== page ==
So very very much more stadium and arena news from this week:
- There’s a little money left over in Hamilton County’s sales-tax pool after paying off bonds on the Cincinnati Reds and Bengals stadiums, so county property owners will get an $8 million property tax reduction this year. That’s a mere fraction of what county officials promised when they passed the sales-tax hike 20 years ago, but at least this year they won’t have to sell any hospitals.
- The XFL says it will restart play in 2020 with teams in eight cities, but the only interesting one (unless you’re a devotee of spring football, in which case more power to you) is Dallas, where the football team will apparently play in the Texas Rangers‘ old stadium, which will remain standing right next to the Texas Rangers’ new stadium, as well as the Dallas Cowboys‘ stadium. (Apparently football fans don’t care about air conditioning.)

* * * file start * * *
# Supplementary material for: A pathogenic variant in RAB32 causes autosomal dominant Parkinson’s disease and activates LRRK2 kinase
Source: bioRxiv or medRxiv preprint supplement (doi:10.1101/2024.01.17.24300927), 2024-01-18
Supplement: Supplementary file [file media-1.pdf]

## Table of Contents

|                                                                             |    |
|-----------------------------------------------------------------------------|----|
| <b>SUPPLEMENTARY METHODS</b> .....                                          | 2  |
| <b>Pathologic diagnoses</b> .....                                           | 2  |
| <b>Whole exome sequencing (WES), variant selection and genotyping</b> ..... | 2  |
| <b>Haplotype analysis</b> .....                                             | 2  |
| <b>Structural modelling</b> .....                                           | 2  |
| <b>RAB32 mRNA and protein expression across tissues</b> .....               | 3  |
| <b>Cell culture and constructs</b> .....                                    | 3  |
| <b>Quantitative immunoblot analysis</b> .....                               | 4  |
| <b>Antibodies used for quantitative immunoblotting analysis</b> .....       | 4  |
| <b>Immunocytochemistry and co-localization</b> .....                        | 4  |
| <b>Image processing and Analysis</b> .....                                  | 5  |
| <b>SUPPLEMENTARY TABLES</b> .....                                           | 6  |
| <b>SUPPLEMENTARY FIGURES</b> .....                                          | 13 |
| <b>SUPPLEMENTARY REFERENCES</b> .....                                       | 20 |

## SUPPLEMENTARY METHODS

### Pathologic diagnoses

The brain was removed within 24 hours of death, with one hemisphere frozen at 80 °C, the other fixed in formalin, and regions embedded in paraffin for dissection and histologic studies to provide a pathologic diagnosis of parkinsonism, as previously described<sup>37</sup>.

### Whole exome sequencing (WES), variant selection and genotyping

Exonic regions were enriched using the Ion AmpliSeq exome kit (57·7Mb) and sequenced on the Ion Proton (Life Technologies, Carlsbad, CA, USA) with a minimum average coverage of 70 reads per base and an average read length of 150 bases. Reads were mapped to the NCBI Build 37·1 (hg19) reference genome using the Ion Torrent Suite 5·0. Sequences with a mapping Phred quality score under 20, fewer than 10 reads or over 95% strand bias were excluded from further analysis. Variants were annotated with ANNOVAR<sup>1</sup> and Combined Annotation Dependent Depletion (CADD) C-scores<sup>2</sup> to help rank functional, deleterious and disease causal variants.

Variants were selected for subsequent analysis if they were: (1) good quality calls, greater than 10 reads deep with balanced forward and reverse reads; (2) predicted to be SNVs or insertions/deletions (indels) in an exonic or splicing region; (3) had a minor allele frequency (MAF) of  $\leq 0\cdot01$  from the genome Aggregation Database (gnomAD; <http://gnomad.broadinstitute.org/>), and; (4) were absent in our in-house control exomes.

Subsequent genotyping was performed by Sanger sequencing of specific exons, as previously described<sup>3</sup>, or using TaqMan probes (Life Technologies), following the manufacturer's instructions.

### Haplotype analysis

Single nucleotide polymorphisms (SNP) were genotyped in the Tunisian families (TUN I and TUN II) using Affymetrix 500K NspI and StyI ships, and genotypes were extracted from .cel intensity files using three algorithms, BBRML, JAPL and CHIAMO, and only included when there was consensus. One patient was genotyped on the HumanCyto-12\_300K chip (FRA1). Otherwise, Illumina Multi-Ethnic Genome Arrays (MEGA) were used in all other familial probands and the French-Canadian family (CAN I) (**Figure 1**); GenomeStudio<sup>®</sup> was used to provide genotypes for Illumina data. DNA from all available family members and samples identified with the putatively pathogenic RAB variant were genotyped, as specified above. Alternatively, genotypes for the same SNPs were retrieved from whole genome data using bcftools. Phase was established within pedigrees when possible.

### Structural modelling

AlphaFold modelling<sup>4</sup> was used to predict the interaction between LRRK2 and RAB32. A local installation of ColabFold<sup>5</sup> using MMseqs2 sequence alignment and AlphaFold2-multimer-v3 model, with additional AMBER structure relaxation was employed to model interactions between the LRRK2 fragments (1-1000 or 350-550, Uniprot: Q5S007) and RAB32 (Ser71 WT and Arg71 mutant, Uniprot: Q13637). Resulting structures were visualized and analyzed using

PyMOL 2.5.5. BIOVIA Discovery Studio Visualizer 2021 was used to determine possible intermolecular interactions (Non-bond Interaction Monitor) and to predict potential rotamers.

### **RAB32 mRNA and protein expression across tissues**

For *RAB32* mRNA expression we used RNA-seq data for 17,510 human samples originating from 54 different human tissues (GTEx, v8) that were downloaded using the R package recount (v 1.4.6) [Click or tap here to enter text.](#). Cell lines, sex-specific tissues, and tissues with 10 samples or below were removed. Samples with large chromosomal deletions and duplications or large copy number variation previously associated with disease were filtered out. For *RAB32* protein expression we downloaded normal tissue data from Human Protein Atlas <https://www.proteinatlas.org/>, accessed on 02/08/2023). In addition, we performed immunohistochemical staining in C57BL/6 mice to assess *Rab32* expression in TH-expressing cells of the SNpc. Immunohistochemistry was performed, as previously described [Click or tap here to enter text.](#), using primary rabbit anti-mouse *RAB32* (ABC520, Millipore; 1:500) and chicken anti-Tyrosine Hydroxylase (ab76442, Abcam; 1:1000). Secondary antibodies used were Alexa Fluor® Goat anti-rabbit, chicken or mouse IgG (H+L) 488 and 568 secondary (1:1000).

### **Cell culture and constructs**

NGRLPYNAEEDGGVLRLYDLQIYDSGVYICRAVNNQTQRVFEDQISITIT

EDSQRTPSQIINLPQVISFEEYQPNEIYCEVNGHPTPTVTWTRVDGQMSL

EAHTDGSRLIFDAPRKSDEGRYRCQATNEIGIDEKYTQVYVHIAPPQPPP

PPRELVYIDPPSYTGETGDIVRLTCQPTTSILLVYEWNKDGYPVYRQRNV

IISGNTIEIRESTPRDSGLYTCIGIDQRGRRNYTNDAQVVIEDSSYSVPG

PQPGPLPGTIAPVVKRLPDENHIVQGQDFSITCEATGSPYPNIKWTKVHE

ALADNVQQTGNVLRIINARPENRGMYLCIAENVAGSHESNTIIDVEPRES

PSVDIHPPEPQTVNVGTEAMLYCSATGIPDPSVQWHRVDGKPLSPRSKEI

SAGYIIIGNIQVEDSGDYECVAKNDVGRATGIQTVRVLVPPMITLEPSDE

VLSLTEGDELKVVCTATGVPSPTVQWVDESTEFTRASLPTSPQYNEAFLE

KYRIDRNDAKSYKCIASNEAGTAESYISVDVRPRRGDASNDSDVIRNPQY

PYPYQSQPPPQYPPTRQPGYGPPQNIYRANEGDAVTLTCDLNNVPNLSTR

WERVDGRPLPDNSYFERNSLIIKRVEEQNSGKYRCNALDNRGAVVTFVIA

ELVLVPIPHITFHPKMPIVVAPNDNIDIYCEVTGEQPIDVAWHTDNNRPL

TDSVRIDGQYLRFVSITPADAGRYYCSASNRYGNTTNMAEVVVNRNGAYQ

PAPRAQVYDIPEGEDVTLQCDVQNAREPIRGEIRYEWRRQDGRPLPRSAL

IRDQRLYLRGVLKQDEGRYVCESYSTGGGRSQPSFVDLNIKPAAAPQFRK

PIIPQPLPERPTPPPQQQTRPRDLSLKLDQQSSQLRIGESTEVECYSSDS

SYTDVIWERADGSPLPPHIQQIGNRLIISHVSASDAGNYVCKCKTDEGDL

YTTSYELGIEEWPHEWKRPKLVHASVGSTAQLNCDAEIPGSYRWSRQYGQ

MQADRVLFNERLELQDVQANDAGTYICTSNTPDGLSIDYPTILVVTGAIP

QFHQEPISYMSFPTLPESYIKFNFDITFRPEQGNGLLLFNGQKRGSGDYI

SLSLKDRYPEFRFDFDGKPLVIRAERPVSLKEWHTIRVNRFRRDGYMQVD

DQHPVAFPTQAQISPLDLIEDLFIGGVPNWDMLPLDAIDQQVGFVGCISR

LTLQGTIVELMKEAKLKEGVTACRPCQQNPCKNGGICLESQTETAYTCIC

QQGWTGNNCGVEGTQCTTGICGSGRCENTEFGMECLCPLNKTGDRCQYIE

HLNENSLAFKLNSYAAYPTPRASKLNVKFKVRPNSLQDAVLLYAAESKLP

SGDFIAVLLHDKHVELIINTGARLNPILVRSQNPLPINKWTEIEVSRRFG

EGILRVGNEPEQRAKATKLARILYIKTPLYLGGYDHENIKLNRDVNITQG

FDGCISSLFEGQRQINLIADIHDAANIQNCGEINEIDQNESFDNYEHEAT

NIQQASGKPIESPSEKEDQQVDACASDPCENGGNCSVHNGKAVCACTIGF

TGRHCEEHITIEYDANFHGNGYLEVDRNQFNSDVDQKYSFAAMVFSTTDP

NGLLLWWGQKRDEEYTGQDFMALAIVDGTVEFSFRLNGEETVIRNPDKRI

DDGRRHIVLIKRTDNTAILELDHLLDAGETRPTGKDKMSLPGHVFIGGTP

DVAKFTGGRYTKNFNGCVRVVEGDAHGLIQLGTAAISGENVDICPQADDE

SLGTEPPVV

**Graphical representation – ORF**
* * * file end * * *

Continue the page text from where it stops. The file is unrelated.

- Franklin County, Ohio, says it plans to build a new Columbus Crew arena … somewhere, costing … something, with the county putting up $50 million in cash — part of which would go toward turning the old Crew stadium into a “public sports complex” — plus land and infrastructure worth … something. But Franklin County commissioner Marilyn Brown told the Columbus Dispatch that “it will have mixed-use included, so it’s an economic-development deal that will include apartments, retail along with it. So it will have enormous economic-development benefit,” so it’s all good, because who can put a price tag on enormous?
- NHL commissioner Gary Bettman says he’s “disappointed” that Ottawa Senators owner Eugene Melnyk is backing out of a downtown arena deal, and offered to provide league help in cutting a new deal. Hands up anyone who thinks that means “Leaning on Melnyk to pay for the arena he said he would” and not “Leaning on Ottawa to bail Melnyk out with public dollars”?
- Plans for a Portland baseball stadium surrounded by affordable housing may have hit a snag, as two city commissioners say the land targeted for the stadium isn’t zoned for affordable housing. Or for a stadium, unless it can prove it has enough transportation first. These are the kinds of details you’d normally want to resolve before announcing a stadium plan, but then, so would making sure you’re using Euclidean geometry.